Today's podcast guest is bioecologist and ecological economist Dr. William Rees, professor emeritus of the University of British Columbia’s School of Community and Regional Planning. Rees is best known for his development of the "ecological footprint" concept as a way to measure the demand a particular population places on the environmental resources it needs to survive.

    Since the beginning of modern agriculture (around 1800), human activity has increased demand on planetary resources at an exponential rate. More energy has been expended — and more resources consumed — in the past 40 years than in all of human existence beforehand. That is placing a greater and greater strain on ecosystems that are now dangerously depleted.

    Click the play button below to listen to Chris' interview with Dr. William Rees (67m:45s).

     

     

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  • Podcast

    Tim Jackson: The High Price Of Growth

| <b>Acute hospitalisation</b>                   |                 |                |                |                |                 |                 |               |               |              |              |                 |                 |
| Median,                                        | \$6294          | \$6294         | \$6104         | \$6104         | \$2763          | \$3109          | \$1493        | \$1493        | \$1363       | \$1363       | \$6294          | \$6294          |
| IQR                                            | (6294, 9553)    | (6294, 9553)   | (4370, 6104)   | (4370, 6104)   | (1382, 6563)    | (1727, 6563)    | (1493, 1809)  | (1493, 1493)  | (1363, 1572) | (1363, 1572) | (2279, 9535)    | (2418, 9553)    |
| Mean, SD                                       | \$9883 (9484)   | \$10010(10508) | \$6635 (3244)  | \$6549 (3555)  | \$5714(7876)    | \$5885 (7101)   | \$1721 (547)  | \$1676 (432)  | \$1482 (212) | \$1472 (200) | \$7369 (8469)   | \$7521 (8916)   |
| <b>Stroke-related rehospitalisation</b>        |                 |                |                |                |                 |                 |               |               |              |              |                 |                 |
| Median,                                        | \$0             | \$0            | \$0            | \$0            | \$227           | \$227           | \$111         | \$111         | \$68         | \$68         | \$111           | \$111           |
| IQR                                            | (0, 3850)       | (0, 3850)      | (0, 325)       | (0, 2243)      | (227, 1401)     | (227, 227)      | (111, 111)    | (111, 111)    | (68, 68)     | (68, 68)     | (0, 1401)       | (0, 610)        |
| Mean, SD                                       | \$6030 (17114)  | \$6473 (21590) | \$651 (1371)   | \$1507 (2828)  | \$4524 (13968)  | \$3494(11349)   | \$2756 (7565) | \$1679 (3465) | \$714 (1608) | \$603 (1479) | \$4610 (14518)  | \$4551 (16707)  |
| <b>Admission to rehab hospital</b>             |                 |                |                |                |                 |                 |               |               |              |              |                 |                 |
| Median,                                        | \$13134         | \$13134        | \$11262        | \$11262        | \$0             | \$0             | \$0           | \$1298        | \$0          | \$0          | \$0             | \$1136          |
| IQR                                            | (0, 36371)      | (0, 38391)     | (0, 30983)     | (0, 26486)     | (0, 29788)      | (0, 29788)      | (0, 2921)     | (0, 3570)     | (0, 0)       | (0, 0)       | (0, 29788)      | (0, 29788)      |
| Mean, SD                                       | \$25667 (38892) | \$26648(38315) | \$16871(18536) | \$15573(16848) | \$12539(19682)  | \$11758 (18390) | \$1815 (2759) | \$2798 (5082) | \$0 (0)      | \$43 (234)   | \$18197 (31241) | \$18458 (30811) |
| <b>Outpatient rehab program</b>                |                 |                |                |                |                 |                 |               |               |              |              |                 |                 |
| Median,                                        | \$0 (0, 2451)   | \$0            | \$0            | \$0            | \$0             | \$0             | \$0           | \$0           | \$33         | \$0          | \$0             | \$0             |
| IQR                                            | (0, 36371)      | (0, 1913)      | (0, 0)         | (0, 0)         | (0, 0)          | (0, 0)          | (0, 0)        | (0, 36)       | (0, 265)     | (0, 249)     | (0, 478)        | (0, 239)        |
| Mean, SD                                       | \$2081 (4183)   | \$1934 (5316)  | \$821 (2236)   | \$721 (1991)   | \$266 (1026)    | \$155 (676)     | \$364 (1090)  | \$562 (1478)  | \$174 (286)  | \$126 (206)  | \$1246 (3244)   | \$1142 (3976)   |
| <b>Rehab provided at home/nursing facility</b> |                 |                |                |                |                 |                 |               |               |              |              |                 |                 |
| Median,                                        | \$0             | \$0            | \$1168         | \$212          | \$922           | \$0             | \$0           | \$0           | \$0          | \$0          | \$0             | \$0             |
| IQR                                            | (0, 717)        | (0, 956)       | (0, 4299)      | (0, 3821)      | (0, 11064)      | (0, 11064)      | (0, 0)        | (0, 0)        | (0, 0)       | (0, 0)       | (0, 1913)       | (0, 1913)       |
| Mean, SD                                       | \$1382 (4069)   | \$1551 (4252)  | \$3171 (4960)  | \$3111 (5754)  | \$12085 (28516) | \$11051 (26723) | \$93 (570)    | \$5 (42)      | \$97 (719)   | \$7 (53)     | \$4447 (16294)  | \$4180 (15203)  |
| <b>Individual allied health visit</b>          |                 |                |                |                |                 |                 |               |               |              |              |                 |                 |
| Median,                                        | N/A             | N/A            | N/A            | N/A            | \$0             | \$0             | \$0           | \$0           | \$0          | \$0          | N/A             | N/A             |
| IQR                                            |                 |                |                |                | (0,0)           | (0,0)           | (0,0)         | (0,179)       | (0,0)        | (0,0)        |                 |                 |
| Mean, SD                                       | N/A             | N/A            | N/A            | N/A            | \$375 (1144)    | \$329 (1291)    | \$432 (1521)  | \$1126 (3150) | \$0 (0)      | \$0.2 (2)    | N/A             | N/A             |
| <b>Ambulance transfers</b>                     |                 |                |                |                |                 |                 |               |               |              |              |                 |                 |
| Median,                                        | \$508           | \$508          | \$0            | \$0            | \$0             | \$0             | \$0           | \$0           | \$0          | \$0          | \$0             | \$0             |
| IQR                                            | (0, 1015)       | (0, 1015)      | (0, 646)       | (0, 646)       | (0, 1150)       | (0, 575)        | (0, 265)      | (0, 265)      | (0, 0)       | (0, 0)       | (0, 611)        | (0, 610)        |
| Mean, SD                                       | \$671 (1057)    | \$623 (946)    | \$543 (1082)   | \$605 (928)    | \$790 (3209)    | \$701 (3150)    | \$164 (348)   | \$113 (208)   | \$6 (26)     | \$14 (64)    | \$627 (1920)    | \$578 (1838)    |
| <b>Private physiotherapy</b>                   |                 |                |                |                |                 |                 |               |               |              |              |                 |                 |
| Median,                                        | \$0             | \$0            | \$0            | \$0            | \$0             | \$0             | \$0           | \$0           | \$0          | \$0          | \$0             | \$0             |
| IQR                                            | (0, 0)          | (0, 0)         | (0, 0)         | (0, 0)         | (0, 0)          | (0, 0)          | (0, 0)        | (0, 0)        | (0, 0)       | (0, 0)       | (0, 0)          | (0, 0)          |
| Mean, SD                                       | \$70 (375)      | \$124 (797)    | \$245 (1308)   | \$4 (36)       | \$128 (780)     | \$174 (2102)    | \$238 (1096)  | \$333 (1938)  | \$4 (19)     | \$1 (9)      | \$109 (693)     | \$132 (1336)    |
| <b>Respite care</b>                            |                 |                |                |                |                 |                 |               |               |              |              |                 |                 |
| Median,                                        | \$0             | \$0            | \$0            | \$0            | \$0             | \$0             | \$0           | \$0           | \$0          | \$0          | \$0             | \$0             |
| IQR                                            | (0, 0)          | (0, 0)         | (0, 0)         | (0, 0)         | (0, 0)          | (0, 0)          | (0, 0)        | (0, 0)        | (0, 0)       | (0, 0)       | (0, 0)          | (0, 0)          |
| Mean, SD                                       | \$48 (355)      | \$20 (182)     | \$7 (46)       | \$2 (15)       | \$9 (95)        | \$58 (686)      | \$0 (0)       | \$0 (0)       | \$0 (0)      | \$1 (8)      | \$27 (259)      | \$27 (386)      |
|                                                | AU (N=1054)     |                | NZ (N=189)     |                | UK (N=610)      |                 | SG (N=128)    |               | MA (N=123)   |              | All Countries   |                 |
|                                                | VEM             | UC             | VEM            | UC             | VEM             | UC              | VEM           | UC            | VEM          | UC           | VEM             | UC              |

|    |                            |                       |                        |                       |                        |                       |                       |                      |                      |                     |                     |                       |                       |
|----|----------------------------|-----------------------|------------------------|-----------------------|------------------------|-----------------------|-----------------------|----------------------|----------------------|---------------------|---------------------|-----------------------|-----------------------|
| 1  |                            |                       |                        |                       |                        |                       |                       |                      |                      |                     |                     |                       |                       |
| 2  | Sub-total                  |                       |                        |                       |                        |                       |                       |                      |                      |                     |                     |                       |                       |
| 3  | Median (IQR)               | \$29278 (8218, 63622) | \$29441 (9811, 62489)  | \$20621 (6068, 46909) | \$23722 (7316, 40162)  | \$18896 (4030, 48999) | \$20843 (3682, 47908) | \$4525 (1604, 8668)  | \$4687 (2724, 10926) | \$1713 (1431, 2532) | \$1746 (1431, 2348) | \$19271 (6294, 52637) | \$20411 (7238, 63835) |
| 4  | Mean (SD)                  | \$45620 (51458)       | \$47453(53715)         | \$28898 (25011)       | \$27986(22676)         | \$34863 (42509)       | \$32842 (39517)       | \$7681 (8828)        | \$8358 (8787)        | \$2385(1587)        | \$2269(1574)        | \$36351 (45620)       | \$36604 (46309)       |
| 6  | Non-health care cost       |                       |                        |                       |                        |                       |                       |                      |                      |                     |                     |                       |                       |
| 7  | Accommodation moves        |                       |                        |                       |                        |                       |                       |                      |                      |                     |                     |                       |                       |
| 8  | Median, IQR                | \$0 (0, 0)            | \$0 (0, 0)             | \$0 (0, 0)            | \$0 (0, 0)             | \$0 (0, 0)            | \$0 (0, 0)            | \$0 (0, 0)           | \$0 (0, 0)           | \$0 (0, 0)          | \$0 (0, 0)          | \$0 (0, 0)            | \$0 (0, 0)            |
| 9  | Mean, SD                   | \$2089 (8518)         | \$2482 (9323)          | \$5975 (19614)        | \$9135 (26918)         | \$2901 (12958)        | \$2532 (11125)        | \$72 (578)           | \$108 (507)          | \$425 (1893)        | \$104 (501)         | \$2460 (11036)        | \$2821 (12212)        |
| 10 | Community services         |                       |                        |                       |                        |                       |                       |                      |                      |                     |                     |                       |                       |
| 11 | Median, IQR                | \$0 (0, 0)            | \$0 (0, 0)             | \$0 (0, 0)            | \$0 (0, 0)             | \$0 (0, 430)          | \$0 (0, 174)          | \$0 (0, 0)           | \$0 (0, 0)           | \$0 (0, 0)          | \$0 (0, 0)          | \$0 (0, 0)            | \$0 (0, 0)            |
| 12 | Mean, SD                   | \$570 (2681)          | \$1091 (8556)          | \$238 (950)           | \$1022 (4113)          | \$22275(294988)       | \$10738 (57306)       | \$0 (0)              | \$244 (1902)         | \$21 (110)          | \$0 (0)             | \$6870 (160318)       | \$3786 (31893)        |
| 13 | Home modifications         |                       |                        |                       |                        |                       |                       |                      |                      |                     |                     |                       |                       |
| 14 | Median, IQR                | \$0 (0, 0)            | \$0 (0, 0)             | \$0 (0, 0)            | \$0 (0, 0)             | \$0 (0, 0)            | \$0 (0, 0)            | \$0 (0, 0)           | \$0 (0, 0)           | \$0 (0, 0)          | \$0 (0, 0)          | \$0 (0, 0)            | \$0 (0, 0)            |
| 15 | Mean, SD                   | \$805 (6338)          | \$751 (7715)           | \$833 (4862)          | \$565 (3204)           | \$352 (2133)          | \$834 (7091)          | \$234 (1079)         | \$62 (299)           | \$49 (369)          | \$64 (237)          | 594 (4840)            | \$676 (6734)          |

A finite planet cannot sustain infinite economic growth
    by Adam Taggart

    Monday, October 16, 2017, 7:31 PM

    23

    Modern society is addicted to and engineered for perpetual economic growth.

    Now, a fourth-grader can tell you that nothing can grow forever, especially if you have finite resources. But that simple realization is eluding today's central planners, despite multiplying evidence that growth is becoming harder and harder to come by.

    This week's podcast guest is Professor Tim Jackson, sustainability advisor for the UK government, professor of sustainable development at the University of Surrey and Director of CUSP. Tim is also a full member of the Club of Rome.

    He explains why the exponential growth rates of today's economies, and their associated rates of resource extraction/consumption, will not be able to continue for much longer — and why a pursuit of "prosperity" (defined much more broadly than simple consumerism) is a much healthier goal for humanity.

     

     

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  • Blog
    studiovin/Shutterstock

    Who’s Going To Eat The Losses?

    The only question that matters regarding today's markets
    by Chris Martenson

    Saturday, September 9, 2017, 3:25 AM

    44

    Younger generations that are being asked (goaded?) to step into an increasingly flawed future begin to resist. Which is completely understandable. They have nothing to gain if the status quo continues.